It's really an integral part of life here. In Madison County, for example, there is a really rich, old tradition of ballad singers. I used to run a coffee house at, I guess, what is that? The Mellow Mushroom. It used to be Stone Soup. Dick Gilbert let me run a coffee house on the weekends there and I'd have the ballad singers come in. What wonderful music. It wasn't no slick act. It was just people being who they are. People singing songs that they learnt from older generations while they were out hoeing the corn rows, while they were washing dishes, while they would just sitting around after a hard day's work, that's where the music came from.
In Western North Carolina, this has been going on for generations and generations. Bascom Lunsford was a big collector of music. He's the one that started the Mountain Dance and Folk Festival here. And that was part of the Rhododendron Festival, that was a big attraction for a lot of rich people who would come to Asheville at the turn of the century. In 1928 Mr. Lunsford was invited to feature local musicians and dancers on stage during the Rhododendron Festival. And it turned out that the Rhododendron Festival went by the wayside and the Mountain Dance and Folk festival continues to this day as the oldest ongoing festival in the country. Pete Seeger learned about the banjo by coming to Asheville and seeing Bascom play at the Mountain Dance and Folk Festival. It was also the model for the National Folk Festival.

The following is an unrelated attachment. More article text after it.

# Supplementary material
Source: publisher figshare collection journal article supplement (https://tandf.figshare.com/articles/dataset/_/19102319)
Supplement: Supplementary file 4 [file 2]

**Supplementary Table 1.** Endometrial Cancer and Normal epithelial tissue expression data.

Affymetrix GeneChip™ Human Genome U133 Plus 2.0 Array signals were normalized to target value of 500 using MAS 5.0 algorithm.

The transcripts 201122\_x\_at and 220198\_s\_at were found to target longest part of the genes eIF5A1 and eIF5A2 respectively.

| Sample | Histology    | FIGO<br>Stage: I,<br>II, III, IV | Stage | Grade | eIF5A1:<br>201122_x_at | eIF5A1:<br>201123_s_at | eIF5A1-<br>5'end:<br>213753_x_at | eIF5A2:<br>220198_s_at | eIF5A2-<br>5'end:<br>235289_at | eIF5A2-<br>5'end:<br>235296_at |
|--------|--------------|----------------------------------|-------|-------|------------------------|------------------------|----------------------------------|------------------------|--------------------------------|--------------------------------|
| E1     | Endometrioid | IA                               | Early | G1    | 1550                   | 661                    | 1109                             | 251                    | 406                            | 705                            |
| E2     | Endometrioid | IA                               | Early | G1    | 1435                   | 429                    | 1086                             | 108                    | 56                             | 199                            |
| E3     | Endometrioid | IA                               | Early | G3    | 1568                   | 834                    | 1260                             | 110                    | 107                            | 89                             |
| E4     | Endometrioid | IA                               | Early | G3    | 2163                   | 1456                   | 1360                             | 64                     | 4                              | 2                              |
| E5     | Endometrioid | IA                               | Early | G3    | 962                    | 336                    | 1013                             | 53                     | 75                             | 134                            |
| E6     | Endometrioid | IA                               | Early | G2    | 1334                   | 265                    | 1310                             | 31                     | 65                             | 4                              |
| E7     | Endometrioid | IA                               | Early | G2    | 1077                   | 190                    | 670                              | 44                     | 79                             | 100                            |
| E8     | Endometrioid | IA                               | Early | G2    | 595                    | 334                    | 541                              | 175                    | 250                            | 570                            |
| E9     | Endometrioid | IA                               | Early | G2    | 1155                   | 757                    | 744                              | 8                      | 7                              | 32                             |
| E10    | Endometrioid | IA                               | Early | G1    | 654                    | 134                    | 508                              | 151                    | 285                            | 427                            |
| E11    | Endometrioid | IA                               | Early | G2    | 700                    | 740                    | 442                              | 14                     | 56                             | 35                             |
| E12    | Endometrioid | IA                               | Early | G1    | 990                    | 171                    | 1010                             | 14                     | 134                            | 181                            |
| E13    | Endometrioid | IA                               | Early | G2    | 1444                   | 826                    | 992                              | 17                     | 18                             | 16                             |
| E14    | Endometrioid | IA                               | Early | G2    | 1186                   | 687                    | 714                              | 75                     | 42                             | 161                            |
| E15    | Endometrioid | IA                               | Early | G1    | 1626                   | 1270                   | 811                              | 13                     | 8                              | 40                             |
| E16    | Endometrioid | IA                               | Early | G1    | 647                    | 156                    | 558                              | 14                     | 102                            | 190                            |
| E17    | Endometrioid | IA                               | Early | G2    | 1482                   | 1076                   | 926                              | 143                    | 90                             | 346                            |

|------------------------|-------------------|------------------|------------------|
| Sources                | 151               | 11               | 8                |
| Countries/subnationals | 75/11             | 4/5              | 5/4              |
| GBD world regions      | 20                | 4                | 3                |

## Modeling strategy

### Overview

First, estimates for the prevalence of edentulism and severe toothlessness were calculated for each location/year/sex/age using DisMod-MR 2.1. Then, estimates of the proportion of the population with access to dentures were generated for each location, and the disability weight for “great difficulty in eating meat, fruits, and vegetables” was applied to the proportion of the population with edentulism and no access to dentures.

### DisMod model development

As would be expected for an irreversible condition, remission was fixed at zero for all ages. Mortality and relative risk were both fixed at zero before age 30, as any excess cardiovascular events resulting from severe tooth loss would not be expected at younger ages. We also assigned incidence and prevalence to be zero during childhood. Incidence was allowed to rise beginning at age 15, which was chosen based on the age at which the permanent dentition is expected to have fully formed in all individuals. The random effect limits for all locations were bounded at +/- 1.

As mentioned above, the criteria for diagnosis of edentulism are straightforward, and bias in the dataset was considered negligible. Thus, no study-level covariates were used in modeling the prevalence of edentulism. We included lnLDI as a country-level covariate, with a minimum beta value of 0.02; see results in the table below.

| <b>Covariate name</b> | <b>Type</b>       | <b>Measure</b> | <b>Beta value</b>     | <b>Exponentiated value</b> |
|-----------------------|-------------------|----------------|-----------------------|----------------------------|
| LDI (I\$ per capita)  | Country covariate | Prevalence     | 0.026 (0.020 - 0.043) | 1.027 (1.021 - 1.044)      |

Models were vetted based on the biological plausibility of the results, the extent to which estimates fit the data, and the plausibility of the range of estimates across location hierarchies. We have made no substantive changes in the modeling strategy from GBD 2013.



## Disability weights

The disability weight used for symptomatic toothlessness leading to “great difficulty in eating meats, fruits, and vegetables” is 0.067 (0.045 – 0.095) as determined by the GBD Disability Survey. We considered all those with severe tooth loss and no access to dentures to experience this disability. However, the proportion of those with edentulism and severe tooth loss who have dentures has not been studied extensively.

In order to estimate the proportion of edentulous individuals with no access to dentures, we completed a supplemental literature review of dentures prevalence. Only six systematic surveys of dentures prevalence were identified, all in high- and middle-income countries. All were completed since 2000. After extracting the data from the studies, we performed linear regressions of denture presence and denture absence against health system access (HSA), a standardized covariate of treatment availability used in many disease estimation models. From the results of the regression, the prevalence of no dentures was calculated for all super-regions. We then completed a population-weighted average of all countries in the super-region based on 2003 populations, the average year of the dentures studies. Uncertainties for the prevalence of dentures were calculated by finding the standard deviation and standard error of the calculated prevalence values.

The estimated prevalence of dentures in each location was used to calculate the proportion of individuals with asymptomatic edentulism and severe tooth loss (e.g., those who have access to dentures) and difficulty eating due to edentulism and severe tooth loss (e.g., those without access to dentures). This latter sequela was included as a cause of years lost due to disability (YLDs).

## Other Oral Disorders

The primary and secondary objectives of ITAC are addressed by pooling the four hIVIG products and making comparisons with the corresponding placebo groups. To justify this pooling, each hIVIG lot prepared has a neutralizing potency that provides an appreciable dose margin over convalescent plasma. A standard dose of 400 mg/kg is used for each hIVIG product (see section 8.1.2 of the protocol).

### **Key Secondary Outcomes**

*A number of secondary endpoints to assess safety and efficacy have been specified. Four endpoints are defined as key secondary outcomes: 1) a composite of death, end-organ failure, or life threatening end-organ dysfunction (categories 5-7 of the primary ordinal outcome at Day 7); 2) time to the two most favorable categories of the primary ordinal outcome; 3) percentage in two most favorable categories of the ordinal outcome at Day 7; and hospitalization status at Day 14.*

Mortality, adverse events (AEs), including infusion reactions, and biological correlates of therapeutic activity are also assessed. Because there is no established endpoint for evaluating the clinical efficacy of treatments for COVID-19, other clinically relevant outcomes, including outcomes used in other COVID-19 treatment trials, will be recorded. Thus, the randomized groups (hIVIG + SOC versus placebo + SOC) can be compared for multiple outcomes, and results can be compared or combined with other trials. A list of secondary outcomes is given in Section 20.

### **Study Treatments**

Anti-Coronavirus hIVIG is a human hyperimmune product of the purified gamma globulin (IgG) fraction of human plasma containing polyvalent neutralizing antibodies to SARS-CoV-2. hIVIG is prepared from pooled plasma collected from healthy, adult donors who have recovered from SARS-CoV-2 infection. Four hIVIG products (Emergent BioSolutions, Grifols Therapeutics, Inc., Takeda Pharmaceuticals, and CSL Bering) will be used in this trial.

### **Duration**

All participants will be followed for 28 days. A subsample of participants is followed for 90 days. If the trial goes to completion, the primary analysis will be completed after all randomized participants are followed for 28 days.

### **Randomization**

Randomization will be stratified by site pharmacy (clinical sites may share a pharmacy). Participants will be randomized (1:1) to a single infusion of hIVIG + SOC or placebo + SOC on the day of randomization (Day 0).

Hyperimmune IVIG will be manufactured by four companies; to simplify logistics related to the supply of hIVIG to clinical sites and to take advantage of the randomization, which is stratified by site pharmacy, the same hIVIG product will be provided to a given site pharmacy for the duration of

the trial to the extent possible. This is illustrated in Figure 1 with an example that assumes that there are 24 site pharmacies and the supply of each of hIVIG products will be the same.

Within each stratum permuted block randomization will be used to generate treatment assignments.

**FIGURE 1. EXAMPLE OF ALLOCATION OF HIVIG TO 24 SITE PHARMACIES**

What have you learned about Western North Carolina through playing this type of music?
I've learned a lot about country life. Bascom always said that music was the great equalizer. It doesn't matter if you were the President of the United States or a ditch digger, when you got into playing music, can you play the tune or not? It’s the great equalizer.
Western North Carolina, the terrain, you know, you have to know what you're doing. Our water is spring fed. It's 300 feet up above the house on a rock mountain. And so we have to deal with that if something happens. That's just normal life to people that are from these mountains. Out here, it's different in this country living and people are still connected with the old ways. It's not just music. People know how to build furniture in the old primitive style people still do that. People still know all their herbs. You can go to different folks and they can find you water on your land. I love that. After living in Cambridge and studying Zen and all this stuff, I decided to want to get back to nature and just get back to the world, I like simple.
Who are some of your Western North Carolina musical icons and why?
There are a lot of great musicians. When you talk about traditional music, great is kind of a relative term (laughter). On the radio show, I've played some of these old ballad singers. When I used to be at the station, I'd get phone calls, mostly positive, but one time I was playing a ballad singer and they said, “Why did you play this, that woman can't sing." And I said, respectfully speaking, you don't know how to listen to this. This is beautiful singing. This is not The Little Mermaid. This is not a Disney movie. This is real people with real connection to the world and day to day scratching out a living. And this is their recreation. This is lovely singing, you know, it's not pretty, but it's lovely.